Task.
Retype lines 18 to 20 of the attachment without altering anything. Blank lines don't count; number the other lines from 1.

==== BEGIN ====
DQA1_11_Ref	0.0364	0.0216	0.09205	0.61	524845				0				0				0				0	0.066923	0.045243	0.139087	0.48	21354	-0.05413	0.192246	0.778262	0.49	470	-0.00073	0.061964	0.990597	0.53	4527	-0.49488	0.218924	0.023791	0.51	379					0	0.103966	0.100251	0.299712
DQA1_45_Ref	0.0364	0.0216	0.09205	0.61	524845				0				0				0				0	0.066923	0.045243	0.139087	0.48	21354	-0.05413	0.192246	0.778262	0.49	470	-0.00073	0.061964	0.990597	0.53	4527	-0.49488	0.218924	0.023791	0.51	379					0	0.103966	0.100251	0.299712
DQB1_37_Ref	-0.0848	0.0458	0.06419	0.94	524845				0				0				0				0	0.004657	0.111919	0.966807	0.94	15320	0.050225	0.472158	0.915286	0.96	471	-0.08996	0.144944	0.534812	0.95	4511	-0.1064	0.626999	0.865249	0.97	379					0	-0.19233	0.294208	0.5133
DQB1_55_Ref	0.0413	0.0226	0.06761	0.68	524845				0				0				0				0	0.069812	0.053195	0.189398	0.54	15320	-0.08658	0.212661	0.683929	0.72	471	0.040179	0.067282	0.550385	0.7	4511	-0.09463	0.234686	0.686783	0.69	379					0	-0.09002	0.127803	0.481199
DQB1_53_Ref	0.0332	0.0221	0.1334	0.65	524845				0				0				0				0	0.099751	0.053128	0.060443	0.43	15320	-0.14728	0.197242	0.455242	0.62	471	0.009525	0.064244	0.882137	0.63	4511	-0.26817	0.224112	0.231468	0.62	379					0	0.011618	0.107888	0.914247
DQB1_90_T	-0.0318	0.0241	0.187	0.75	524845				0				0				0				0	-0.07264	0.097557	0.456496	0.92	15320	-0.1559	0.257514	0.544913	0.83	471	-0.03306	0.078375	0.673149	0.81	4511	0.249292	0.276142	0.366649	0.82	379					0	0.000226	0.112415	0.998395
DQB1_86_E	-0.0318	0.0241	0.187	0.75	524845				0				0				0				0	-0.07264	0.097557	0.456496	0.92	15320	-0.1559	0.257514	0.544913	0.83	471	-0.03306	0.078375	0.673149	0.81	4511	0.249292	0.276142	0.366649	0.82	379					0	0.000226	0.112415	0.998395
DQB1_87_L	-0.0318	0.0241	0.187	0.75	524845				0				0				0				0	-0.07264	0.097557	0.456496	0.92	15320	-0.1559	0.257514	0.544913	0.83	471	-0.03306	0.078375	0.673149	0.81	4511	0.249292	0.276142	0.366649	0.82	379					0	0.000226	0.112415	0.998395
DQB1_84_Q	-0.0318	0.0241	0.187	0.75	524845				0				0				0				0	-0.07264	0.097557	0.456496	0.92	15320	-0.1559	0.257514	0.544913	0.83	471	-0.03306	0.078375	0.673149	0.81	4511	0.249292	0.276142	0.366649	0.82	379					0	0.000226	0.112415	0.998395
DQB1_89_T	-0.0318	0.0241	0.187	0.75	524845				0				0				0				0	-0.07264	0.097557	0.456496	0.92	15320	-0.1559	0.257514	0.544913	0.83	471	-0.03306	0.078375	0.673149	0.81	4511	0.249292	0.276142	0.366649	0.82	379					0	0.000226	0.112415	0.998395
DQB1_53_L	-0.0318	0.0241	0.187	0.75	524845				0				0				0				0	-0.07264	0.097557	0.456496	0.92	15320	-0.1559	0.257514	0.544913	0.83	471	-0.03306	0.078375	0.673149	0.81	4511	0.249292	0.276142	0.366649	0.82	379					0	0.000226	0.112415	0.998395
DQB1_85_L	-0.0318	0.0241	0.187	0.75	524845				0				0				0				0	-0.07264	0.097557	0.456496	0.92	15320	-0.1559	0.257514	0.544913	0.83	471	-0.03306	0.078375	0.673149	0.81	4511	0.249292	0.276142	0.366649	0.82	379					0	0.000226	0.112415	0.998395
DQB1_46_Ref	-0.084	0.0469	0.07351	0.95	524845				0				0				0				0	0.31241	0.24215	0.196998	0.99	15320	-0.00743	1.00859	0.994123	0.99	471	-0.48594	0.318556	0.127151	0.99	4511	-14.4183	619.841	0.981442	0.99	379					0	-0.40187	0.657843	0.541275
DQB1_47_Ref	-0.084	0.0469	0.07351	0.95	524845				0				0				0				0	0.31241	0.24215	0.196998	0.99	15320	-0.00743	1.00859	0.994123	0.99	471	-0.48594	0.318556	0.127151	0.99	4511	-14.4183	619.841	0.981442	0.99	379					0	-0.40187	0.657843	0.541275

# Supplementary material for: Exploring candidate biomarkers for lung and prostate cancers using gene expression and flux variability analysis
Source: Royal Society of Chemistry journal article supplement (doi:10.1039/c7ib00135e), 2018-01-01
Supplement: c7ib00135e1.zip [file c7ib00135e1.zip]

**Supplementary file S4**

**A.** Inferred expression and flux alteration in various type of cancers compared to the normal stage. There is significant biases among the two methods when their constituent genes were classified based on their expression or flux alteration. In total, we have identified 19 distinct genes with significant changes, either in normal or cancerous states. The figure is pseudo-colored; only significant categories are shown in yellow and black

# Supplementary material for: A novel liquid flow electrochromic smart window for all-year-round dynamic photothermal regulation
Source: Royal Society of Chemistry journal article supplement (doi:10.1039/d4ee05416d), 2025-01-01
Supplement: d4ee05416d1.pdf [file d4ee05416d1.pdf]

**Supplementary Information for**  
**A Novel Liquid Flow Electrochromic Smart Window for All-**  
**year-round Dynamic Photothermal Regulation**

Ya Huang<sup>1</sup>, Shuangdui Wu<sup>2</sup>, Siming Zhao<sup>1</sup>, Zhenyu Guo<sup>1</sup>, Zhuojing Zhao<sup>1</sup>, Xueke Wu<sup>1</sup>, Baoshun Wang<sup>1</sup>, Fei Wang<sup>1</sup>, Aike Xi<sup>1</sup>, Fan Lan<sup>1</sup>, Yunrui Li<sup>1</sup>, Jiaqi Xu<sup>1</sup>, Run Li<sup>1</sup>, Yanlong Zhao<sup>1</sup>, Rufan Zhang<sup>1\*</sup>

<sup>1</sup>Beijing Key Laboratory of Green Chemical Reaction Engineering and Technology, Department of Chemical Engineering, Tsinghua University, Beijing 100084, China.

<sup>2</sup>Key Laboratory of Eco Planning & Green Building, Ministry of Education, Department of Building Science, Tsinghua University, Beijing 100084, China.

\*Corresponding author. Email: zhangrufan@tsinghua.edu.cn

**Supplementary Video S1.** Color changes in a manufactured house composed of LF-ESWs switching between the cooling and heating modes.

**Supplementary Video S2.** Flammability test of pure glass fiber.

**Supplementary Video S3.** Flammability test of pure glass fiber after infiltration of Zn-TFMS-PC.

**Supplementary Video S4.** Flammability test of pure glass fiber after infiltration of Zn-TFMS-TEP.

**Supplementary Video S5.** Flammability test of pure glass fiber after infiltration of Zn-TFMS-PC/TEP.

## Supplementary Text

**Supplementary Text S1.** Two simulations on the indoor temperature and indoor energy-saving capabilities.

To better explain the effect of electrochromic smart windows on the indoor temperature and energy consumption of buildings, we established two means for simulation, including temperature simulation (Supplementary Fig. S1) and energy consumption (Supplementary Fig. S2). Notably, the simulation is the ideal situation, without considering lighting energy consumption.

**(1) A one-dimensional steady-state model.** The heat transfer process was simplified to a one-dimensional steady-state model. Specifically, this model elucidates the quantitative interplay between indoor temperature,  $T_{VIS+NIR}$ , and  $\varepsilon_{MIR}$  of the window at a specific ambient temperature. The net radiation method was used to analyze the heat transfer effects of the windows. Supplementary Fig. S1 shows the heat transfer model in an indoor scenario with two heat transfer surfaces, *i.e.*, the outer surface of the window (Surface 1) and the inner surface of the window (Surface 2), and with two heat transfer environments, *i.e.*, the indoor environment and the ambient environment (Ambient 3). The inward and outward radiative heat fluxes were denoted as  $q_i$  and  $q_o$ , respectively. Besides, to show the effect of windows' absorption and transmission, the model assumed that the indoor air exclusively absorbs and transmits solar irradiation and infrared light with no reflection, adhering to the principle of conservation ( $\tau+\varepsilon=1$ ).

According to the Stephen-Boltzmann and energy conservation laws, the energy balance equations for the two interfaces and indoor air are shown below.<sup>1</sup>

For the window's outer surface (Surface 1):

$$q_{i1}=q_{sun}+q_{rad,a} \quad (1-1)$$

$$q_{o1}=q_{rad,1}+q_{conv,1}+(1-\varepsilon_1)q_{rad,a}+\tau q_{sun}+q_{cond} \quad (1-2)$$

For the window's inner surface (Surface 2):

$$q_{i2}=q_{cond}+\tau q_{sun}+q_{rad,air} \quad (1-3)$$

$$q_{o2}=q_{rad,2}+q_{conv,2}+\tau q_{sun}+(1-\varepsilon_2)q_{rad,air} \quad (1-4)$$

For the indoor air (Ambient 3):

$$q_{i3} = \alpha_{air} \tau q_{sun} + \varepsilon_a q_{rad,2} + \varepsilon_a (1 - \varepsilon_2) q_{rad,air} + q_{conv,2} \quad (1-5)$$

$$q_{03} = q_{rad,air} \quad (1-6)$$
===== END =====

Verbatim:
**Supplementary file S4**

**A.** Inferred expression and flux alteration in various type of cancers compared to the normal stage. There is significant biases among the two methods when their constituent genes were classified based on their expression or flux alteration. In total, we have identified 19 distinct genes with significant changes, either in normal or cancerous states. The figure is pseudo-colored; only significant categories are shown in yellow and black

# Supplementary material for: A novel liquid flow electrochromic smart window for all-year-round dynamic photothermal regulation